The Fast Food Strikes Put Britain's Exploited Service Workers On the Offensive
Combined walk outs have shown its possible to fight back against bosses even in the most difficult of circumstances.
Deliveroo couriers striking in Bristol. Couriers often switch between different platforms, and grievances are felt across the sector, so the UberEats strike was joined by couriers working for Deliveroo (Photo by Thomas Katan)
Uber bosses are used to having their East London offices besieged. After all, it’s happened four times in a month already. First it was the UberEats couriers on strike, then it was a group of supporters who snuck into the lobby, then the UberEats couriers on strike again, and finally, on Tuesday, the Uber taxi drivers.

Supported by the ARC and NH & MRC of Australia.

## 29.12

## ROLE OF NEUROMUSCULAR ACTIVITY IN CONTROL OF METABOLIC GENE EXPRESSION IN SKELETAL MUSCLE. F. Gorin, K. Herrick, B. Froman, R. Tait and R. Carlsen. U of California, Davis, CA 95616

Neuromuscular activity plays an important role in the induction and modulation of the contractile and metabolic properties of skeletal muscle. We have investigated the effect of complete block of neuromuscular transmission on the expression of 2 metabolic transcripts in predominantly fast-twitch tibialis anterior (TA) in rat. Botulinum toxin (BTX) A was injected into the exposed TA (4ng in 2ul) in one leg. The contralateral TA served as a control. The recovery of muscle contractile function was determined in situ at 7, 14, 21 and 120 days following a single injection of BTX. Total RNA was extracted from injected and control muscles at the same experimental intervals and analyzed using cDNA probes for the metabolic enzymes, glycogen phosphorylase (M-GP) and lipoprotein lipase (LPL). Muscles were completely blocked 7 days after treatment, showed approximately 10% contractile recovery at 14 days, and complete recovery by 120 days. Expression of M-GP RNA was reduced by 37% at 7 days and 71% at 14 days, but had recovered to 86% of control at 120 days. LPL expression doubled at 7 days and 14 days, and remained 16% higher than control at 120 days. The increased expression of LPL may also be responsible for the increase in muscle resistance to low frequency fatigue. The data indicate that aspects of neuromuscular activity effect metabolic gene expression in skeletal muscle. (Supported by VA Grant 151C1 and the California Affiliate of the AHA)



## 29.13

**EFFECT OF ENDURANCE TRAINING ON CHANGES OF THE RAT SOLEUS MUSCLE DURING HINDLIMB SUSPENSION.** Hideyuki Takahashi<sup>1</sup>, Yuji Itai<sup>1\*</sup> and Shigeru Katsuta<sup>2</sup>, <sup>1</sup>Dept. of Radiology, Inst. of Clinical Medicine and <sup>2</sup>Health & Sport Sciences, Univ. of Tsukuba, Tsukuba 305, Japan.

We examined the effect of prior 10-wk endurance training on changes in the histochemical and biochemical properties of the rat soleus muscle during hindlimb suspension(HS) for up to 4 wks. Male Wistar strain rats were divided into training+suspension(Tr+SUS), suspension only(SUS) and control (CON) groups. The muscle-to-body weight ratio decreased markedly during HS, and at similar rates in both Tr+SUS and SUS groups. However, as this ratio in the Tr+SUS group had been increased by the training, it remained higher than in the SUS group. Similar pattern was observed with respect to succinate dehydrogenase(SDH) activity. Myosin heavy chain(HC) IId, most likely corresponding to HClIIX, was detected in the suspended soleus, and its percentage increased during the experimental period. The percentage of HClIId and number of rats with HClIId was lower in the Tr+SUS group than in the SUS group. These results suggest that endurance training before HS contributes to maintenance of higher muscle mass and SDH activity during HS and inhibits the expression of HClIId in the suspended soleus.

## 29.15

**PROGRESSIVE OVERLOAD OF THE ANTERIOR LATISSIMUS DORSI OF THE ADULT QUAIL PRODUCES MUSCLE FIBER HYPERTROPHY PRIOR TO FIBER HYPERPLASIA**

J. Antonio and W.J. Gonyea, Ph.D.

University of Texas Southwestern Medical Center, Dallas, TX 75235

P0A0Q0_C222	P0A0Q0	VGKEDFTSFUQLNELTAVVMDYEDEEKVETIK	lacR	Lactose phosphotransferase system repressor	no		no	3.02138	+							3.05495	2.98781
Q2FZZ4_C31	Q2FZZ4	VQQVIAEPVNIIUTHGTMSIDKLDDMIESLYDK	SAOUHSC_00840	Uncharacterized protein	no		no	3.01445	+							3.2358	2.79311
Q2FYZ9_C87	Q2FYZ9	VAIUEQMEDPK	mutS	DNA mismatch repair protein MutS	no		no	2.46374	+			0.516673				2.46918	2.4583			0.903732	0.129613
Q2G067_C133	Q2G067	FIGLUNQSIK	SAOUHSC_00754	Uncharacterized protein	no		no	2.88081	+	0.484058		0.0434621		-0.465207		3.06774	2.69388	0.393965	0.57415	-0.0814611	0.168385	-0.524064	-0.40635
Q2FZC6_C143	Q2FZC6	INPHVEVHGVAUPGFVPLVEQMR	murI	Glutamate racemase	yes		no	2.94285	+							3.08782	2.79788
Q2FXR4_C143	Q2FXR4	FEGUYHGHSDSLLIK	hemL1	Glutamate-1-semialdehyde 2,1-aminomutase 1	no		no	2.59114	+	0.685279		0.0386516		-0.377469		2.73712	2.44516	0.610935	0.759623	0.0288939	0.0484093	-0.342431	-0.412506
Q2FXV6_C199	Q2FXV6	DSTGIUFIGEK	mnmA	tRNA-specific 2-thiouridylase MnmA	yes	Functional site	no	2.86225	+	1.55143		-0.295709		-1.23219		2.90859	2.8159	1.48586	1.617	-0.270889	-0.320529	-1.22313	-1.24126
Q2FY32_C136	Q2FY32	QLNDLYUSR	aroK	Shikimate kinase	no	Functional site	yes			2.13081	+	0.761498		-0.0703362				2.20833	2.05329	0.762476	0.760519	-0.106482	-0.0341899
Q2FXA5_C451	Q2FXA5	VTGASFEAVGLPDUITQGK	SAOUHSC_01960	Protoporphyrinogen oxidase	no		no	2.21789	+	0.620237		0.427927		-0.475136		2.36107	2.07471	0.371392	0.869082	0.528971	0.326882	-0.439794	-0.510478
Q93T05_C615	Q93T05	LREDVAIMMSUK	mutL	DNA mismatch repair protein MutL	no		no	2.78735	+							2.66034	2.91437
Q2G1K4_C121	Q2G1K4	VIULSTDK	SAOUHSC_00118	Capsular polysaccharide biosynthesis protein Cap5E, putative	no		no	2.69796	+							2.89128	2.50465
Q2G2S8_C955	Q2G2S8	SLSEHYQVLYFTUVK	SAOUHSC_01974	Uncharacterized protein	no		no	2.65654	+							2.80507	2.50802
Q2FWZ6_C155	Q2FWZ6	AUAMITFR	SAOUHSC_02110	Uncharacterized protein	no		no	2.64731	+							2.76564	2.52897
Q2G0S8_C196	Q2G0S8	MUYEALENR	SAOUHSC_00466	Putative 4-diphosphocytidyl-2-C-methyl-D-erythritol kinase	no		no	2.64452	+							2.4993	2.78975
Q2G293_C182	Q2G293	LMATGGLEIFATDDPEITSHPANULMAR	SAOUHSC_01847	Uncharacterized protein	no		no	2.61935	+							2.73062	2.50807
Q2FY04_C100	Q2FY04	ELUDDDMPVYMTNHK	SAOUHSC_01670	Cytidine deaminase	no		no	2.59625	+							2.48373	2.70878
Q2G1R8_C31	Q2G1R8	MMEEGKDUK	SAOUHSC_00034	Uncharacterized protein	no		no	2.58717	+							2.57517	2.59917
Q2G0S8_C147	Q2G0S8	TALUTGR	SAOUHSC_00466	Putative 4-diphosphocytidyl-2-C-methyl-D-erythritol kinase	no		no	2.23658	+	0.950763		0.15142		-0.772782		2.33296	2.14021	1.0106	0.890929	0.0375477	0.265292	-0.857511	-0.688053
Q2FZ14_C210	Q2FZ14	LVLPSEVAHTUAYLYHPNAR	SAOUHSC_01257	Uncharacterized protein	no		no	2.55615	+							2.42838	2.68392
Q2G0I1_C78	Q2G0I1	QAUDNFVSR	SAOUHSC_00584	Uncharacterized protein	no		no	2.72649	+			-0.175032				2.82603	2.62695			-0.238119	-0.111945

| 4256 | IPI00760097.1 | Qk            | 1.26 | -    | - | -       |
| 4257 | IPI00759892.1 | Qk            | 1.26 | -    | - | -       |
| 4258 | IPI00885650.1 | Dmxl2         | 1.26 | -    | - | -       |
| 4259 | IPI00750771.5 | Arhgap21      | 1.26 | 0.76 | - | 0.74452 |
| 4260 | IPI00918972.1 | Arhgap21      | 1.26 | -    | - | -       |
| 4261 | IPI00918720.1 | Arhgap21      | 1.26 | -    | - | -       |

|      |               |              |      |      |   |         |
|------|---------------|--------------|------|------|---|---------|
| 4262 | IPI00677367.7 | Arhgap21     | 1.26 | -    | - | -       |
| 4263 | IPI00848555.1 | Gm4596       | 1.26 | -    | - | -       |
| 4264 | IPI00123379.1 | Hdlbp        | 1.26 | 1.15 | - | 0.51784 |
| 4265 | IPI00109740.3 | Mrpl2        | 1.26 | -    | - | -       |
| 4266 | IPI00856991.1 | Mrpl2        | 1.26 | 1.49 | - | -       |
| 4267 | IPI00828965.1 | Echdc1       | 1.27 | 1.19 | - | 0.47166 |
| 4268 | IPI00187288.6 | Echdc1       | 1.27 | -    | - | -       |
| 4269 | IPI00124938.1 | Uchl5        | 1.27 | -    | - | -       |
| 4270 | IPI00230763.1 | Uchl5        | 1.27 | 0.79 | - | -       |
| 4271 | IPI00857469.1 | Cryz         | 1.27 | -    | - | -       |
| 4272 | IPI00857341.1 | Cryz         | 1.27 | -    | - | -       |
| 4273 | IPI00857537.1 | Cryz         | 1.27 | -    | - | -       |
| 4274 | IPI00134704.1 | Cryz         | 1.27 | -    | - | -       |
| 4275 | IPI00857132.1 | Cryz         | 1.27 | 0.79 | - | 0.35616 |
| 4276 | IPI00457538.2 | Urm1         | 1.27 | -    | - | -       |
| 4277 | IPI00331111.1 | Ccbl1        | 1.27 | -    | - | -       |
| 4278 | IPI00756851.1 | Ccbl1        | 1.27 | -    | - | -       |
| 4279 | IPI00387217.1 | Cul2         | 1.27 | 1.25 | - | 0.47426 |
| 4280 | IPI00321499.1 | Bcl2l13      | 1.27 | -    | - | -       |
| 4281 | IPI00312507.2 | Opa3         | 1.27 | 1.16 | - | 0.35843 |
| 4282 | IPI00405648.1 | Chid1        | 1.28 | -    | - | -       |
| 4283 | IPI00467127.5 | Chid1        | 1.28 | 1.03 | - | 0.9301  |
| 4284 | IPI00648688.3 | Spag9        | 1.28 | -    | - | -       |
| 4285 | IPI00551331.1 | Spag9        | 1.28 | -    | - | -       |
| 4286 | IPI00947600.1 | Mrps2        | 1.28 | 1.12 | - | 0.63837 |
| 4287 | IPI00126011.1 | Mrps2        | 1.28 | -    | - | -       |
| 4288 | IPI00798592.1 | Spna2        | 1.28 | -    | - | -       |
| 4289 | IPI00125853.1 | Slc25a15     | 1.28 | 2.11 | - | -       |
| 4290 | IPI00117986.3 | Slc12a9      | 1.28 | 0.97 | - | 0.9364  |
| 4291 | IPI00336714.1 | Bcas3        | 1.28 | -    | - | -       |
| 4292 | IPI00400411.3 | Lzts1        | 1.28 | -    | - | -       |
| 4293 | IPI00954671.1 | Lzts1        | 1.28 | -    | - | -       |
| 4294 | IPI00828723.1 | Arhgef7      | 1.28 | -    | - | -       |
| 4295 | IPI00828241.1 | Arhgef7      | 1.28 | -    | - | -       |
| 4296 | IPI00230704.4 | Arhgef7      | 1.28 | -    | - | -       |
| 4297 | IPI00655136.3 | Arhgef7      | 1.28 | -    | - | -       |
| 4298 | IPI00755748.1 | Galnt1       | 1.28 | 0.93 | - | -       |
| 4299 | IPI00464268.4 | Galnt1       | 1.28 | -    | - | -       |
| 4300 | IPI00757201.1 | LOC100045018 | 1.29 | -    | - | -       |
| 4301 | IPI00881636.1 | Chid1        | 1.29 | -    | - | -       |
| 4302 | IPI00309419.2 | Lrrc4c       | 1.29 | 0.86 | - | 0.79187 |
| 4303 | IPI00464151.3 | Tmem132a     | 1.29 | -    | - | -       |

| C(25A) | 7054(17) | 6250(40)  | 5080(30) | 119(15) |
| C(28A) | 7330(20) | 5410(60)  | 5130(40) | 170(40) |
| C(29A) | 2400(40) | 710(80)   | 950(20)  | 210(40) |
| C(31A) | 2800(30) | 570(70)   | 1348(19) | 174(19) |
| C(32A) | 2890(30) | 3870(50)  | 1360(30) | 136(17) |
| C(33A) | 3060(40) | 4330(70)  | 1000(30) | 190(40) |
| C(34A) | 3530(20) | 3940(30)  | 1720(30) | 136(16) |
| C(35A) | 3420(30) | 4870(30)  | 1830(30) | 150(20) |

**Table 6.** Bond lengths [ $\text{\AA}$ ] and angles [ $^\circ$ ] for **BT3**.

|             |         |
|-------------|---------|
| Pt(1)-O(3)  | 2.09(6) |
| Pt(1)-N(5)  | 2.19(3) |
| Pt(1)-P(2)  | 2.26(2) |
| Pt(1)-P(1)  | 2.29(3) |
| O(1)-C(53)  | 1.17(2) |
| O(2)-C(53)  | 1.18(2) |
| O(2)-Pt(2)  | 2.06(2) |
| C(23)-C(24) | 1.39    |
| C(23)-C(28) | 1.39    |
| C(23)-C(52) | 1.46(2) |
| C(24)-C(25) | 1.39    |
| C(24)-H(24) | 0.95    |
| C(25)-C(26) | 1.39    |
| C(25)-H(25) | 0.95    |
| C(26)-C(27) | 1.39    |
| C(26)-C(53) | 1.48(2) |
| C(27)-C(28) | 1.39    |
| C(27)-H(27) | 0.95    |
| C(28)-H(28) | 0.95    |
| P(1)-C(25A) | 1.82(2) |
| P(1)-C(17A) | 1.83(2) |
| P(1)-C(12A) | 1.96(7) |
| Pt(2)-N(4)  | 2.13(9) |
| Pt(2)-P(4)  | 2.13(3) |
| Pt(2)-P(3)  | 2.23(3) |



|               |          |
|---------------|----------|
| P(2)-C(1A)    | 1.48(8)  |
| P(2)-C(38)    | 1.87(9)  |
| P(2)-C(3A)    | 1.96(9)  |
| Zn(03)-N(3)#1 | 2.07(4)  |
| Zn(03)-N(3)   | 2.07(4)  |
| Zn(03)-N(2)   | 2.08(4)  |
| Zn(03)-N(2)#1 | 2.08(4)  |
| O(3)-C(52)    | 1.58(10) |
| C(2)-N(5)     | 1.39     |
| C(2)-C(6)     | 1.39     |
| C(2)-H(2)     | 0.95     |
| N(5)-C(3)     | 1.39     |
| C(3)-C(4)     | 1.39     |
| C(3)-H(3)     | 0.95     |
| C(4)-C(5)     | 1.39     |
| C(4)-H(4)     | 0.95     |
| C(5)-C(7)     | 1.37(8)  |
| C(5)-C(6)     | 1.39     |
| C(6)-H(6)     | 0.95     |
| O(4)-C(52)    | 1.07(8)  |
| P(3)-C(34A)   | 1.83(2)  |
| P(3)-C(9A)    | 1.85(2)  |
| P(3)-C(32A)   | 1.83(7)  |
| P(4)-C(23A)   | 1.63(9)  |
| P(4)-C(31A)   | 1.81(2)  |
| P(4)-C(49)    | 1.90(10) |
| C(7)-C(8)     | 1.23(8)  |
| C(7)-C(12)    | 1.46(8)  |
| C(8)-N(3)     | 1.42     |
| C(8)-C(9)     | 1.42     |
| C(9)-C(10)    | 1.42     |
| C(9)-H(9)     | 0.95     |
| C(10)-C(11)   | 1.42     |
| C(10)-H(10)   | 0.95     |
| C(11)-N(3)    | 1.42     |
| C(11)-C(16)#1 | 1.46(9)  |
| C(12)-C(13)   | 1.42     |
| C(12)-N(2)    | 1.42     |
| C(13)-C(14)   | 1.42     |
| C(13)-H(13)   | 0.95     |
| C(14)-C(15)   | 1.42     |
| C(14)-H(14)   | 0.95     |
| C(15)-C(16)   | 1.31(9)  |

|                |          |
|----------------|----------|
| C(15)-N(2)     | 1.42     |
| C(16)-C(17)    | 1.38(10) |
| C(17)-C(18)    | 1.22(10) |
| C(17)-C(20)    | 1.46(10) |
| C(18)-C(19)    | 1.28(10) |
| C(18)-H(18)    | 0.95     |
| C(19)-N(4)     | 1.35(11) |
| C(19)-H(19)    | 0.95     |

Both UberEats couriers and Uber taxi drivers have taken part in their first ever national strikes in rapid succession. But these kick offs are just one part of what has been a month of revolt across the service sector. In total, workers have been on strike at four companies: Uber/UberEats, McDonalds, Wetherspoons and TGI Fridays.
The biggest single confrontation in this month was the 4th of October “Fast Food Shutdown” – a day of joint strike action, coordinated by workers at all four companies. Food services is the least well organised sector in the UK economy, with just 2.9 percent of workers in a union. Most workers in the sector just move to another job when they face problems in the workplace. But not this time. As one group of Wetherspoons workers put it: “it’s time to stop running away”.